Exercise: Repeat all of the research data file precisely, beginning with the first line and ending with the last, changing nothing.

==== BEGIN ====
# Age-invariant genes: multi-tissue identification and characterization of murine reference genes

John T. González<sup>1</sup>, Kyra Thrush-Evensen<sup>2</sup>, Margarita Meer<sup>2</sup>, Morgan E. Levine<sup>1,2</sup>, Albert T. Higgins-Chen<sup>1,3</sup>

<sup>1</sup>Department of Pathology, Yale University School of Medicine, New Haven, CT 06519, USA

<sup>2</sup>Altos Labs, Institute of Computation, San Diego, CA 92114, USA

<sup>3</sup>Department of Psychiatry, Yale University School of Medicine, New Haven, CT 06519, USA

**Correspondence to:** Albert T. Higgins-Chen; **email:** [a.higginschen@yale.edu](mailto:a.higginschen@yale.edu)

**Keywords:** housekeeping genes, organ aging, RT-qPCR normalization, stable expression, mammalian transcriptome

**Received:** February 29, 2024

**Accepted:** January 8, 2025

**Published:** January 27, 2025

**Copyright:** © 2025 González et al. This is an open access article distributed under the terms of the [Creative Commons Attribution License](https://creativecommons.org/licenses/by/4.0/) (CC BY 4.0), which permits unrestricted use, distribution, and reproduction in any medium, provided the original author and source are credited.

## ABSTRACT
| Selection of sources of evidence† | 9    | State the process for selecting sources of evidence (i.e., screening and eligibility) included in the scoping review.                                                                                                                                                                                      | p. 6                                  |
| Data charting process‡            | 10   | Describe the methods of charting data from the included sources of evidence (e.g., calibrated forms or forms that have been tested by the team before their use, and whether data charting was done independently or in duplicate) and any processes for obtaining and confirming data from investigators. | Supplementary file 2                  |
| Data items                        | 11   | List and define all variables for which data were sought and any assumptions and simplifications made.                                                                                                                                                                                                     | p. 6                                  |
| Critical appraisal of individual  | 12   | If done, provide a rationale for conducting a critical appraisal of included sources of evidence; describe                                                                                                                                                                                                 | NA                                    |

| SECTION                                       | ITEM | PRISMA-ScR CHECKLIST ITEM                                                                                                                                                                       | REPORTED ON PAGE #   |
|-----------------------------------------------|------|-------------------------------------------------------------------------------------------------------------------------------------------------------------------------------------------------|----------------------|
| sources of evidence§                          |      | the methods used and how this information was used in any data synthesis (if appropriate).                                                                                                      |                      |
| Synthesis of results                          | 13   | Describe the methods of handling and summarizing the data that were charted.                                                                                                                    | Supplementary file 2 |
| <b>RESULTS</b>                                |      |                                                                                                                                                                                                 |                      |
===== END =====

# Age-invariant genes: multi-tissue identification and characterization of murine reference genes

John T. González<sup>1</sup>, Kyra Thrush-Evensen<sup>2</sup>, Margarita Meer<sup>2</sup>, Morgan E. Levine<sup>1,2</sup>, Albert T. Higgins-Chen<sup>1,3</sup>

<sup>1</sup>Department of Pathology, Yale University School of Medicine, New Haven, CT 06519, USA

<sup>2</sup>Altos Labs, Institute of Computation, San Diego, CA 92114, USA

<sup>3</sup>Department of Psychiatry, Yale University School of Medicine, New Haven, CT 06519, USA

**Correspondence to:** Albert T. Higgins-Chen; **email:** [a.higginschen@yale.edu](mailto:a.higginschen@yale.edu)

**Keywords:** housekeeping genes, organ aging, RT-qPCR normalization, stable expression, mammalian transcriptome

**Received:** February 29, 2024

**Accepted:** January 8, 2025

**Published:** January 27, 2025

**Copyright:** © 2025 González et al. This is an open access article distributed under the terms of the [Creative Commons Attribution License](https://creativecommons.org/licenses/by/4.0/) (CC BY 4.0), which permits unrestricted use, distribution, and reproduction in any medium, provided the original author and source are credited.

## ABSTRACT
| Selection of sources of evidence† | 9    | State the process for selecting sources of evidence (i.e., screening and eligibility) included in the scoping review.                                                                                                                                                                                      | p. 6                                  |
| Data charting process‡            | 10   | Describe the methods of charting data from the included sources of evidence (e.g., calibrated forms or forms that have been tested by the team before their use, and whether data charting was done independently or in duplicate) and any processes for obtaining and confirming data from investigators. | Supplementary file 2                  |
| Data items                        | 11   | List and define all variables for which data were sought and any assumptions and simplifications made.                                                                                                                                                                                                     | p. 6                                  |
| Critical appraisal of individual  | 12   | If done, provide a rationale for conducting a critical appraisal of included sources of evidence; describe                                                                                                                                                                                                 | NA                                    |

| SECTION                                       | ITEM | PRISMA-ScR CHECKLIST ITEM                                                                                                                                                                       | REPORTED ON PAGE #   |
|-----------------------------------------------|------|-------------------------------------------------------------------------------------------------------------------------------------------------------------------------------------------------|----------------------|
| sources of evidence§                          |      | the methods used and how this information was used in any data synthesis (if appropriate).                                                                                                      |                      |
| Synthesis of results                          | 13   | Describe the methods of handling and summarizing the data that were charted.                                                                                                                    | Supplementary file 2 |
| <b>RESULTS</b>                                |      |                                                                                                                                                                                                 |                      |